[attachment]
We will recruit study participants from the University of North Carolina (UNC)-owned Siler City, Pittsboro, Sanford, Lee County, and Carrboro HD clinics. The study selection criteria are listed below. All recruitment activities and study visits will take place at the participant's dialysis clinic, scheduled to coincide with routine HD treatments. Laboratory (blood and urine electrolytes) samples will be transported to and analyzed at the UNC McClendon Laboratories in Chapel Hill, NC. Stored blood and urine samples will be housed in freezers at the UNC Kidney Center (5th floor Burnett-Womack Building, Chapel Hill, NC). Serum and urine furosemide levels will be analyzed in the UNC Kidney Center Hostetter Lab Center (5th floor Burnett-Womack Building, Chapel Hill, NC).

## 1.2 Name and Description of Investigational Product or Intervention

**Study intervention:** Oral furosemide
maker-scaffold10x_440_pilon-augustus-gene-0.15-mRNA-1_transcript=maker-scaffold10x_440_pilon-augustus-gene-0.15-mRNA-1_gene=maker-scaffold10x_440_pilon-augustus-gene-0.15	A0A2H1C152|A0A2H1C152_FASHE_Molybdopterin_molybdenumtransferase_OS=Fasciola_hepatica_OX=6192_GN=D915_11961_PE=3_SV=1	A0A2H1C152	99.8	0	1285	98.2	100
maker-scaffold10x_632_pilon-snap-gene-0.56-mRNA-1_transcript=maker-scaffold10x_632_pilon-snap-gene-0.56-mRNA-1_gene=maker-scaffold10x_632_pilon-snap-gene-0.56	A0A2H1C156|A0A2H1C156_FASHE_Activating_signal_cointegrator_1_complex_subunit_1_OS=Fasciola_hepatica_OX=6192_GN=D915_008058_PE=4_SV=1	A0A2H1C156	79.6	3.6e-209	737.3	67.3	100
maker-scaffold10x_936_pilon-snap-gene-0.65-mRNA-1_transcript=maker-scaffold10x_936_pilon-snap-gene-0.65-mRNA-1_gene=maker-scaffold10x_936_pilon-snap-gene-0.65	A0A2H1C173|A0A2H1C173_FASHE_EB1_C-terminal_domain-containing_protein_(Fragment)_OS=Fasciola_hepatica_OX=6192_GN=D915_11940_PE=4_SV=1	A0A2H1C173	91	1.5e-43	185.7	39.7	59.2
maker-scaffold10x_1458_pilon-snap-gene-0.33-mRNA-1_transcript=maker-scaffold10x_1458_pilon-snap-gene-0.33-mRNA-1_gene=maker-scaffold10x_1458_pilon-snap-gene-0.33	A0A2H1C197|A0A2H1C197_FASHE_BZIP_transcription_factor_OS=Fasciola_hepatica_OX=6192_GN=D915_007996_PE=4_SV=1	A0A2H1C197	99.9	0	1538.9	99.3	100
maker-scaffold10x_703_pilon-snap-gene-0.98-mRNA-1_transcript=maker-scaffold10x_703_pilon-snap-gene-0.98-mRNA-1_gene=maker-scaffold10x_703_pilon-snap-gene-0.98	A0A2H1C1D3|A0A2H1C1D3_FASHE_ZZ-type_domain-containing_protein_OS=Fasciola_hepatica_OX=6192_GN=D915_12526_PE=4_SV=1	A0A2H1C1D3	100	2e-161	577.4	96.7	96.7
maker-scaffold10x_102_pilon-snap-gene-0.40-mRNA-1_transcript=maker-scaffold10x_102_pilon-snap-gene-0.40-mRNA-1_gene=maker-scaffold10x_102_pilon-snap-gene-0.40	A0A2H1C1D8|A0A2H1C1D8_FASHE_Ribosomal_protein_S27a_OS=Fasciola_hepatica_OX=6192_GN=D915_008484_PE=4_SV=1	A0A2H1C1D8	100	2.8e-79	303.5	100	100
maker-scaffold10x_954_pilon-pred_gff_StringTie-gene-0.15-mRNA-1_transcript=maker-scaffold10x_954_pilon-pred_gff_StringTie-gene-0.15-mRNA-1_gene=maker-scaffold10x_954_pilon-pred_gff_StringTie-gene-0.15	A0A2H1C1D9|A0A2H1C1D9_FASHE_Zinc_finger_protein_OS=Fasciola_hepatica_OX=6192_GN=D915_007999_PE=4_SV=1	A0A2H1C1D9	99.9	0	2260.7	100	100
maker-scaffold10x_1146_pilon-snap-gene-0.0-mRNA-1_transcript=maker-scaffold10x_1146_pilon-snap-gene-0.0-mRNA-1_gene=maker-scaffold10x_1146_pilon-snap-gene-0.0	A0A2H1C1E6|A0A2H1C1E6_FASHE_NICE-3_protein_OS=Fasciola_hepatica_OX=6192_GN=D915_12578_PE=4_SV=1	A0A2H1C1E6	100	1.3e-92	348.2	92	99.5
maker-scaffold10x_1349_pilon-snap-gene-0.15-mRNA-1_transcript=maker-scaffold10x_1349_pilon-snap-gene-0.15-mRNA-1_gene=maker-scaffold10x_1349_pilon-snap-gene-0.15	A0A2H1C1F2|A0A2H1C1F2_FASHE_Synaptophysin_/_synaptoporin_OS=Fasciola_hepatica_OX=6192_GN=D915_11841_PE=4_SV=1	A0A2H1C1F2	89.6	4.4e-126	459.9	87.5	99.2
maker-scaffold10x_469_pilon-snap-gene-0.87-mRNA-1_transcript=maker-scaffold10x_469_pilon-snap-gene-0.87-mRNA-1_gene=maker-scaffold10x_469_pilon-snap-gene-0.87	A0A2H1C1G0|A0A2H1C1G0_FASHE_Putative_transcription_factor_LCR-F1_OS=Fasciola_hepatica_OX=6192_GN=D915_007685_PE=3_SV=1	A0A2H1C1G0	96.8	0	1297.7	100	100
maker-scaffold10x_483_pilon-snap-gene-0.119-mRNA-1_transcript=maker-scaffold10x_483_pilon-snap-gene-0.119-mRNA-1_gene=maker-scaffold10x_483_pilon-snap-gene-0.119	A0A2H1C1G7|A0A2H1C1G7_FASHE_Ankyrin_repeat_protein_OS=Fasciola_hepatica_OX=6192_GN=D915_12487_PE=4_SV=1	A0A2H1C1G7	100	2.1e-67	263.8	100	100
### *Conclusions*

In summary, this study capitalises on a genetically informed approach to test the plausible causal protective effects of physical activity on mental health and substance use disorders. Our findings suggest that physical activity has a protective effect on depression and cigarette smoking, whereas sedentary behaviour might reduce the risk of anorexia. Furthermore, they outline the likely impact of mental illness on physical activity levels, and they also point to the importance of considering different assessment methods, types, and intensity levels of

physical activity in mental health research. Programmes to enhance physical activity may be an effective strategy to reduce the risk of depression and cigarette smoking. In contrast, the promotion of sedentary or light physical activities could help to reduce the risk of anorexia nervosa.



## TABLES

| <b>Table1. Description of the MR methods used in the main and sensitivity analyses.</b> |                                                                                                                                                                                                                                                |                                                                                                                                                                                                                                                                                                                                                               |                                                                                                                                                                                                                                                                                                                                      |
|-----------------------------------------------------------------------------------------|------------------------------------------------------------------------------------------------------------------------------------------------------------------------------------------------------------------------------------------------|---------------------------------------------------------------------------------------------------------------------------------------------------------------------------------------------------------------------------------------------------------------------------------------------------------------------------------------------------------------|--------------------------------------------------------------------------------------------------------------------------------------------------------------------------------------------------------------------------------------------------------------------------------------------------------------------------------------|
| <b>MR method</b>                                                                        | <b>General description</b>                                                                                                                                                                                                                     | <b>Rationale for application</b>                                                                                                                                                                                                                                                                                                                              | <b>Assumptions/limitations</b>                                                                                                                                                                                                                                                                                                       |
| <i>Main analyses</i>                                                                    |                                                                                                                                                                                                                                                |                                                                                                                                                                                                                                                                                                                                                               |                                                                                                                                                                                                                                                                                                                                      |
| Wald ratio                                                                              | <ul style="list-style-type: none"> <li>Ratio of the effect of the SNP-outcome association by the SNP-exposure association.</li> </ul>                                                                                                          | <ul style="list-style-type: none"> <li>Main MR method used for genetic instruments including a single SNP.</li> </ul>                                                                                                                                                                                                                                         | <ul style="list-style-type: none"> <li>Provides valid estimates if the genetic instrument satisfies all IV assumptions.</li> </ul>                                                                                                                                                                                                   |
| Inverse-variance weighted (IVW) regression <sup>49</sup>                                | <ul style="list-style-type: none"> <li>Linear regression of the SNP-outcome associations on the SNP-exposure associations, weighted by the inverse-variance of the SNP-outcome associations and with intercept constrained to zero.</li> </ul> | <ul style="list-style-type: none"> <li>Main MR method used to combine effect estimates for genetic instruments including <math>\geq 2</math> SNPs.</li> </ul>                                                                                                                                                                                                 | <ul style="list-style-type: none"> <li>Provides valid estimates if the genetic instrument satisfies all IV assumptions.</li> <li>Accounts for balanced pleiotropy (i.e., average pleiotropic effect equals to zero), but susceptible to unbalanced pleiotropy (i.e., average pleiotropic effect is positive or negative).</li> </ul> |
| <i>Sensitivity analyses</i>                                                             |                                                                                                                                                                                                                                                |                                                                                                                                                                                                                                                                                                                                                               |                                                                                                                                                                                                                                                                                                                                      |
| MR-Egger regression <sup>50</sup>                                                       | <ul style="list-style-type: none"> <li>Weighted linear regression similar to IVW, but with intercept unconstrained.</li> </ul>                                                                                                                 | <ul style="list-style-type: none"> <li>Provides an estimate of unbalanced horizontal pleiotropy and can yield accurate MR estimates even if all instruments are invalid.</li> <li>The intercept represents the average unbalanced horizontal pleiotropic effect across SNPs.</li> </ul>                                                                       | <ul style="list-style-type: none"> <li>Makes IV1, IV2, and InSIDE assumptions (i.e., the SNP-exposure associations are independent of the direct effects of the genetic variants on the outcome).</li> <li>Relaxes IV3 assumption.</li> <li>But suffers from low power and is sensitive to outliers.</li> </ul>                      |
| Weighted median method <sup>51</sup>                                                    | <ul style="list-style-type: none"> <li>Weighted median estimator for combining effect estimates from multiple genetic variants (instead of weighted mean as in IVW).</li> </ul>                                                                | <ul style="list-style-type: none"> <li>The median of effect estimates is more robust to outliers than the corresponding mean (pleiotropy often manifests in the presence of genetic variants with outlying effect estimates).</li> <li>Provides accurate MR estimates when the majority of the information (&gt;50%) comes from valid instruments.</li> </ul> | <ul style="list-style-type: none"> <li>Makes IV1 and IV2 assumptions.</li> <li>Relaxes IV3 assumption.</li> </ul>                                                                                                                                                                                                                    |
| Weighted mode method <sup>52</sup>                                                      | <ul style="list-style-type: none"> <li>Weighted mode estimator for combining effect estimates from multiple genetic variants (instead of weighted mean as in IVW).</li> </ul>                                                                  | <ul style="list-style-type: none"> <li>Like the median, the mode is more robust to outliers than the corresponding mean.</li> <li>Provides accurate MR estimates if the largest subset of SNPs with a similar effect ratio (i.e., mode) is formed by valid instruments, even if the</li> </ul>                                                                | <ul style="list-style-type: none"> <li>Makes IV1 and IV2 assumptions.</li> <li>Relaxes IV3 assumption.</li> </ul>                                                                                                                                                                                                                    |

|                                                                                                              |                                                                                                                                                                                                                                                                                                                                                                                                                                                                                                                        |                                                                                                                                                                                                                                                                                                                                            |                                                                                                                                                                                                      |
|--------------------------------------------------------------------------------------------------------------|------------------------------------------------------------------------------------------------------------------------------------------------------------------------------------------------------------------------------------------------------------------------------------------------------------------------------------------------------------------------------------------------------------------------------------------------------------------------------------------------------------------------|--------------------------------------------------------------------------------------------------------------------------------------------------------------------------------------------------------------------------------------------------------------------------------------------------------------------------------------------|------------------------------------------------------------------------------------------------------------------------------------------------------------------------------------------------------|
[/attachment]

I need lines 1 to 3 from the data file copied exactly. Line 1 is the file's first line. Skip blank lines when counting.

We will recruit study participants from the University of North Carolina (UNC)-owned Siler City, Pittsboro, Sanford, Lee County, and Carrboro HD clinics. The study selection criteria are listed below. All recruitment activities and study visits will take place at the participant's dialysis clinic, scheduled to coincide with routine HD treatments. Laboratory (blood and urine electrolytes) samples will be transported to and analyzed at the UNC McClendon Laboratories in Chapel Hill, NC. Stored blood and urine samples will be housed in freezers at the UNC Kidney Center (5th floor Burnett-Womack Building, Chapel Hill, NC). Serum and urine furosemide levels will be analyzed in the UNC Kidney Center Hostetter Lab Center (5th floor Burnett-Womack Building, Chapel Hill, NC).

## 1.2 Name and Description of Investigational Product or Intervention

**Study intervention:** Oral furosemide